“You got the all-clear after five years?”

“Yes. I hadn’t really let anyone know except my close family and got the five-years all-clear and decided last year was the right year to do As Funny As Cancer. I’m taking the show to Leicester, Manchester, Exeter and, in April, New Zealand and I might be going to Los Angeles later in the year.”

“And the Edinburgh Fringe?” I asked.

“I might take As Funny As Cancer up again, but also a new show. I want to have Gareth Morinan in it, playing Noel Edmonds. I’m quite obsessed with Deal or No Deal. It makes me cry!”

“Why?” I asked.

“People just suddenly win £40,000. I find it very emotional and it’s all done on complete chance. The idea is so stupid and ridiculous, but I find it very emotional and I’m interested in why it gets me like that. It is just boxes with numbers on them. It’s all complete chance.”

“Like life,” I said.

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Comic Michael Brunström likes to do things he is not naturally good at doing

Michael Brunström holds his Malcolm Hardee Award

Michael Brunström and Malcolm Hardee Award

The annual Malcolm Hardee Awards are given to individuals.

At the Edinburgh Fringe last month, Michael Brunström won the Malcolm Hardee Award for Comic Originality. His show was titled The Golden Age of Steam and, this week, he performed it at the Museum of Comedy in London – which was arranged after he won the award.

“So,” I said to him, “since you won the Malcolm Hardee Award, your life has just been one long round of parties, champagne and job offers?”

“It’s more of an ego boost, really,” he told me. “It’s very hard to measure success. It seems like I’ve got a few interesting gigs gravitating towards me.”

“Where,” I asked, “do you keep your award?”

“On my bookshelf.”

“Do you think you can build on it?” I asked. “The award, not the bookshelf.”

“It’s all ballyhoo. It’s all nonsense,” said Michael. “But enough of it builds up a certain presence. The important thing, while still taking yourself seriously, is not to believe the ballyhoo. People have come out of the blue with unusual offers, but I can’t discuss them.”

“Why?”

“Because,” he laughed, “they’re the kinds of things that fall through.”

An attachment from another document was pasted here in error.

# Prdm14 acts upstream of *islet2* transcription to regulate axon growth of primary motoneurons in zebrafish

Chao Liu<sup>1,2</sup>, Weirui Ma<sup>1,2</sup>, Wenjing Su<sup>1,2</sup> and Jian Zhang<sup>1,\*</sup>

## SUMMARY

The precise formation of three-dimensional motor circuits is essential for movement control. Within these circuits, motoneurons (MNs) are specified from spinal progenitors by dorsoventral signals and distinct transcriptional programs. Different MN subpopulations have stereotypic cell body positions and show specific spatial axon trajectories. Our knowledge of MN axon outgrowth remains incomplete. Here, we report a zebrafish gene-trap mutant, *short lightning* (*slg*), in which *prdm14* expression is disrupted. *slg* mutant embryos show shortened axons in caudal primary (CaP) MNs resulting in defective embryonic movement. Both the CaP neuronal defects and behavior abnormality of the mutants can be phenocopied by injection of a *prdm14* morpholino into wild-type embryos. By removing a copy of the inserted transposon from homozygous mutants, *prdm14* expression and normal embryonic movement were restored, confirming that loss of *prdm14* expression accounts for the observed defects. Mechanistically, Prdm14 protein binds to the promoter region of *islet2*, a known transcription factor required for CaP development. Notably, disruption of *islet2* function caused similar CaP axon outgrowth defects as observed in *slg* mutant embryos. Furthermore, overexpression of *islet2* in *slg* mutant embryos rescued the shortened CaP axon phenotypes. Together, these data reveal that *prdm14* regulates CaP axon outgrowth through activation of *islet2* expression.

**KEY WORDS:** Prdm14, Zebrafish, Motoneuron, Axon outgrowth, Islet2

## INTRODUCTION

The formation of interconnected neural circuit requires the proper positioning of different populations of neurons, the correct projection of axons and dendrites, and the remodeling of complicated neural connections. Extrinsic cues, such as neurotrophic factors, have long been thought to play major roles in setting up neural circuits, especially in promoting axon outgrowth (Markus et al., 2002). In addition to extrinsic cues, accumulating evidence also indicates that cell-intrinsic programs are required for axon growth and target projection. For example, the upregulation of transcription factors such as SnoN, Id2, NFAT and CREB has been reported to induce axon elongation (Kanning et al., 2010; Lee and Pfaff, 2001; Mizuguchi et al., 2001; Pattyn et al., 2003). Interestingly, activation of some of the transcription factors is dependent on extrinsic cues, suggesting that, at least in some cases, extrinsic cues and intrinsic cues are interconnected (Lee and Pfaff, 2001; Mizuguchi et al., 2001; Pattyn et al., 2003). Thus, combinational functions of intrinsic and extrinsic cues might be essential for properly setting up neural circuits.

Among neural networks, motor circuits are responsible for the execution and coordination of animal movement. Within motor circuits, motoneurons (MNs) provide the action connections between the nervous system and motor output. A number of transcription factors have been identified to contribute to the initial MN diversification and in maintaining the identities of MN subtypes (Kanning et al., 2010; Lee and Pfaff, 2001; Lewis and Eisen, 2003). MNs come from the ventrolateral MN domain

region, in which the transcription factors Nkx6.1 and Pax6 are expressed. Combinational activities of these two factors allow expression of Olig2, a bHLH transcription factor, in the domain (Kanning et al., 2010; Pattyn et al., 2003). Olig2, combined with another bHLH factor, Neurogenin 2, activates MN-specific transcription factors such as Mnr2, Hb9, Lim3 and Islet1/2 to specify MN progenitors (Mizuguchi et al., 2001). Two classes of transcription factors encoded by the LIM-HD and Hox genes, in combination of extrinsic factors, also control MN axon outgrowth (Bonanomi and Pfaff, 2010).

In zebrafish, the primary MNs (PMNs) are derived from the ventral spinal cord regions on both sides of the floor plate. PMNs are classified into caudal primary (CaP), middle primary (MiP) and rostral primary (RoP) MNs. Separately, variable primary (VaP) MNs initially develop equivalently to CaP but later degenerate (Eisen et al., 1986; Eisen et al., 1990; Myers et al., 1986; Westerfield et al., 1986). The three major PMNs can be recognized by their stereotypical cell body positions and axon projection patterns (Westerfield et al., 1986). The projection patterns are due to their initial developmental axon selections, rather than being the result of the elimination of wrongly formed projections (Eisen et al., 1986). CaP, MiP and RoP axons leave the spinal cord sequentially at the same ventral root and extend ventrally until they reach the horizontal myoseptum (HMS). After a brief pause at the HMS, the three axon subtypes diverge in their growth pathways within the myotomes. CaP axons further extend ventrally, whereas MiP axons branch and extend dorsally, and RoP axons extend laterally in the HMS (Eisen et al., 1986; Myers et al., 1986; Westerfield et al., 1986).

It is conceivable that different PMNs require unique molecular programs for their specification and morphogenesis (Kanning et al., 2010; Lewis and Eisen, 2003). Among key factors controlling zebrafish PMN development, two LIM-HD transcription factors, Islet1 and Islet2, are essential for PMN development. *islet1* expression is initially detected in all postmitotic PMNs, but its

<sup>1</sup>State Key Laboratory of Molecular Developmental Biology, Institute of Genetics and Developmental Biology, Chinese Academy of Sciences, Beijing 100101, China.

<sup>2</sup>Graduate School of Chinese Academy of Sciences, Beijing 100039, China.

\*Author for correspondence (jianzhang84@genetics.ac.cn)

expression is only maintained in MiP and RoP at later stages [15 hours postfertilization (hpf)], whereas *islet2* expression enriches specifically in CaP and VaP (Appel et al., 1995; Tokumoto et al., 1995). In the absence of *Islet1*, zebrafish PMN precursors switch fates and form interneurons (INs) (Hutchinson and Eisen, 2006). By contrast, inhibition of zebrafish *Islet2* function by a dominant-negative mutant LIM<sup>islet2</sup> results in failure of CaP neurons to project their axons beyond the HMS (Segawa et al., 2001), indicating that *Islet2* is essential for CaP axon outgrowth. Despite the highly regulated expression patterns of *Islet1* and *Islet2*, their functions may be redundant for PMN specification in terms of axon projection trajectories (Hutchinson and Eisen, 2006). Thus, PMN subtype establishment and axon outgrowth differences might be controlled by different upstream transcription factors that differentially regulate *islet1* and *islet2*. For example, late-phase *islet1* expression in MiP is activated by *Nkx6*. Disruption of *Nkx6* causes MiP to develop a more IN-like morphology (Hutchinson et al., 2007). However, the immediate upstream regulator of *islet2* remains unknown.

“I was sad,” I told him, “that your 1960s-clothes-desiger-Mary-Quant-on-a-whaling-expedition-to-Antarctica routine didn’t end up in your Golden Age of Steam.”

“It might end up in something else,” he told me.

“Was she really speaking in a slight German accent,” I asked, “or did I hallucinate that?”

Michael Brunström not Noel Edmonds

Michael Brunström’s eye not Noel Edmonds’

“I can’t do accents,” Michael told me. “I’m doing Noel Edmonds on Monday at Cabarera. I ordered myself a beard today. I can’t grow one by Monday.”

“You’re quite shy,” I said, “so it’s surprising you do audience involvement as much as you did in Edinburgh.”

“Well,” explained Michael, “it’s good to do things you’re afraid of. It’s good to stretch yourself. I am not a natural showman. Maybe that’s what makes it funny. I don’t regard myself as a natural chatty, confident compere type – so that’s why I want to do more of that.”

“What do you want to be doing in three years time?” I asked. “At the Edinburgh Fringe, people tend to succeed well with autobiographical theme shows: My ten years of heroin hell or whatever.”

“Perhaps in three years time I will do an autobiographical show. I don’t have the guts to do that yet.”

“Where were you brought up?”

“West London.”

“Oh dear,” I said. “That’s dull. And I suppose you had a happy childhood? That’s death for comedy.”

“I don’t think I did have a happy childhood,” said Michael. “But I think it was unhappy in a rather dull and complex and un-theatrical way. I had a difficult, unhappy, Liverpudlian father who used sarcasm as a defence mechanism.”

“Sarcasm is never good in a father,” I said. “It was sarcasm, not irony?”

“I think the distinction was not something he would be prepared to pick apart.”

“What was his job?”

“He was a management consultant.”

“Oh dear,” I said, “That’s dull. What was your mother?”

“A laboratory assistant. She worked in a hospital, but spent most of her time looking after her four boys. I’m the youngest of four.”

“What are the others now?”

“One is a doctor of English Literature at St Patrick’s College in Dublin. One is a social worker in Brighton. And the other one is a professor of Psychology at Bristol University. I am the least accomplished of the four.”

“I wouldn’t say that,” I disagreed. “You’re an editor at a serious publisher…You should surely be writing books yourself.”

“I don’t find writing easy.”

“You think of yourself more as a performer than a writer?”

“I’ve never been a writer.”

Ken Campbell - The éminence grise of alternative comedy

Ken Campbell – The éminence grise of alternative comedy

It was at this point I remembered Ken Campbell. I have a shit memory. I had forgotten that, in my first blog chat with Michael in May last year, he mentioned working with Ken Campbell, the éminence grise of UK alternative comedy. Michael recently wrote a blog about Ken’s influence on him.

“What’s the attraction of surrealism?” I asked Michael.

“I think” he replied, “that audiences like to be bemused, surprised and shocked. In live performance, the audience doesn’t want to be experiencing it inside their heads. They want to experience the thing that’s happening immediately there in front of them.

“The way I like to explain it is that, if you go to a chess match, you don’t go there to watch what’s happening, you go there to think in your own head what could happen and experience your own understanding of what’s going on.

“In a live performance, it’s not that. The audience is there to watch what is happening. I don’t think my stuff would work on radio. It’s very visual. But, in the same way I try to do lots of audience interaction because I’m not very naturally good at it, I want to do audio stuff because…”

“Well,” I foolishly interrupted, “any sensible producer goes for the person then develops the most suitable material. It’s the person that’s important.”

“I want,” continued Michael, “to make some little podcasty audio things to put out there.”

“Have you played around with sound?” I asked.